Minneapolis Star Tribune: Women's Health At Stake In 2014
What's going on in Wisconsin, North Dakota, South Dakota and Iowa ought to be a wake-up call to Minnesotans who prefer that physicians, not politicians, guide an individual's medical care. Minnesota's neighbors have moved with alarming alacrity to cripple women's access to a safe and legal medical procedure — abortion (7/18).
NBC News: Ease US Blood Supply Shortage By Lifting Gay Donor Ban
The United States is facing a health care crisis. Our supply of blood is dangerously low. The American Red Cross reports that across the nation blood donations were down an estimated 10 percent in June -- about 50,000 fewer donations than in May. In the face of a blood supply shortage that is bad and likely to get worse, there is a group of people -- gay men -- who might ease the situation, if only they were allowed to help (Art Caplan, 7/17).
St. Louis Post-Dispatch: As Whooping Cough Returns, Trust Science, Not Opinion
People who listen to bogus science and deny facts from legitimate scientific studies are pushing an agenda that a wise parent should back away from. In fact, backing away is too slow. Turn and run. ... It comes down to this: Who would you rather get medical advice from — Jenny McCarthy, former nude model turned childhood development expert, or the Journal of Pediatrics? Ms. McCarthy is convinced that her son’s autism is linked to childhood vaccinations. But in April, pediatric researchers published a study that looked at nearly 1,000 children and concluded that exposure to vaccines during the first two years of life was not associated with an increased risk of developing autism (7/19).
Forbes: Why Medicare Is A Crummy Business Partner
Medicare unveiled a series of regulations this month that make annual adjustments to various price schedules that set out what the program pays providers. The proposals confirm why the agency makes for such a crummy business partner. The new rates will hit some healthcare businesses with cuts of as much as 25%. If the reductions stand, it will throw some providers over a proverbial cliff, disrupting their businesses and ultimately impacting patient care (Scott Gottlieb, 7/18).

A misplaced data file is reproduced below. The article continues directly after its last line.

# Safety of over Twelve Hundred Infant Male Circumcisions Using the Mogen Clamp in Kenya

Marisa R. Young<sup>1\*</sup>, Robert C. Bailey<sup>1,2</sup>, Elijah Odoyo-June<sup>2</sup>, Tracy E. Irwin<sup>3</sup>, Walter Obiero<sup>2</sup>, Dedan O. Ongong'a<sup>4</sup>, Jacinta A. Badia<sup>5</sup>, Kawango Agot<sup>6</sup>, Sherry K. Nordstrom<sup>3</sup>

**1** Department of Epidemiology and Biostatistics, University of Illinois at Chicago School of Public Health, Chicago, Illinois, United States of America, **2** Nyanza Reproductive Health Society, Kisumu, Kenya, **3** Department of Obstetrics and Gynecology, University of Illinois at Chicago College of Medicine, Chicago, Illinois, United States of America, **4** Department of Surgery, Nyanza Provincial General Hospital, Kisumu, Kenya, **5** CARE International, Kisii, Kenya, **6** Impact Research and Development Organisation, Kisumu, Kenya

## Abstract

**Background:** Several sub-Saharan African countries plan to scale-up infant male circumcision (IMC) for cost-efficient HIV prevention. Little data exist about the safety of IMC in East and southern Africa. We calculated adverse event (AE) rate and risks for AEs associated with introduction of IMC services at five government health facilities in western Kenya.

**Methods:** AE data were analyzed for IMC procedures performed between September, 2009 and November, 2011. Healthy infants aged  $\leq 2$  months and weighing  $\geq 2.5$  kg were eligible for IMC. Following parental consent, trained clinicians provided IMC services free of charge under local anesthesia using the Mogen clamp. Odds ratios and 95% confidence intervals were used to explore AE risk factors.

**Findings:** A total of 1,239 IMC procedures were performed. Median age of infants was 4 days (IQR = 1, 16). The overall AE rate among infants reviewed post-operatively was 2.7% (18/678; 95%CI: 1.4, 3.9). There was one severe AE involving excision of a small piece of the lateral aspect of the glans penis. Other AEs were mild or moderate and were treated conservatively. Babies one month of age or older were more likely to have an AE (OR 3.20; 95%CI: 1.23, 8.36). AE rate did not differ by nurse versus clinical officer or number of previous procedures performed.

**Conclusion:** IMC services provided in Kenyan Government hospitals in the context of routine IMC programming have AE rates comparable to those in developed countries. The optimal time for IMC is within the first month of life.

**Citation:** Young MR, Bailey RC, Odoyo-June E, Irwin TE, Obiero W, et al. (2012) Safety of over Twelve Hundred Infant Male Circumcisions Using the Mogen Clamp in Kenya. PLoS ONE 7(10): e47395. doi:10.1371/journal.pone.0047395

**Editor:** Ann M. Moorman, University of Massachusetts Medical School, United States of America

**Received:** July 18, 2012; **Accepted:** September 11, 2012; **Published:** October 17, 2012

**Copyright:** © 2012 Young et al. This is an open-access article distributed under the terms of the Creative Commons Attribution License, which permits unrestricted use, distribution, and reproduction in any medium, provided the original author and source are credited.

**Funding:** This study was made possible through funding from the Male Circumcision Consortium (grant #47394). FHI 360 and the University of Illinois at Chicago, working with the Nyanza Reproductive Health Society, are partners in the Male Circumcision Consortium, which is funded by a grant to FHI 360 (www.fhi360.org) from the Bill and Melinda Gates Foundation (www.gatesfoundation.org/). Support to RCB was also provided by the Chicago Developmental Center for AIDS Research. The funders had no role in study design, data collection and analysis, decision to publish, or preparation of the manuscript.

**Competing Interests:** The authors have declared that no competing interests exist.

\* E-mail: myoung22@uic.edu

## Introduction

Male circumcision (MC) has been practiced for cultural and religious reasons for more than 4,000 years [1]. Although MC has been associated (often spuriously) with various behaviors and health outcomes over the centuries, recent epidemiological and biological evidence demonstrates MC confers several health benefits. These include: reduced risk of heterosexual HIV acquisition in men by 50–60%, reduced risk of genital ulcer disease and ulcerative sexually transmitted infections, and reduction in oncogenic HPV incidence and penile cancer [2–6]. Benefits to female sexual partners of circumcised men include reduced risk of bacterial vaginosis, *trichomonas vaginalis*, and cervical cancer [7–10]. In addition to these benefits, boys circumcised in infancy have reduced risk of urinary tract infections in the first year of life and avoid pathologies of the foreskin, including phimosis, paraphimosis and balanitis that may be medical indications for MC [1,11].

Los Angeles Times: Genetic Screening: Every Newborn A Patient
This year marks the 50th anniversary of routine newborn screening in the United States. Since 1963, tens of millions of babies have had blood drawn from their heels to be tested for rare diseases. The program has unquestionably prevented tragedies. ... But routine screening is now being expanded in ways that demand scrutiny (Stefan Timmermans, 7/19).
Los Angeles Times: New York Mayor Bloomberg May Also Cure Dementia
New York Mayor Michael Bloomberg announced his latest health initiative this week: He's banning elevators! OK, not really. But he did say he was planning to introduce legislation that would inspire New Yorkers to take the stairs by making staircases in buildings more accessible. As with all of Bloomberg’s noble health-conscious initiatives, which have included banning trans-fats and trying to curb super-sized, nutrition-less sodas, the announcement was met with a contingent of eye-rolls (Alexandra Le Tellier, 7/18).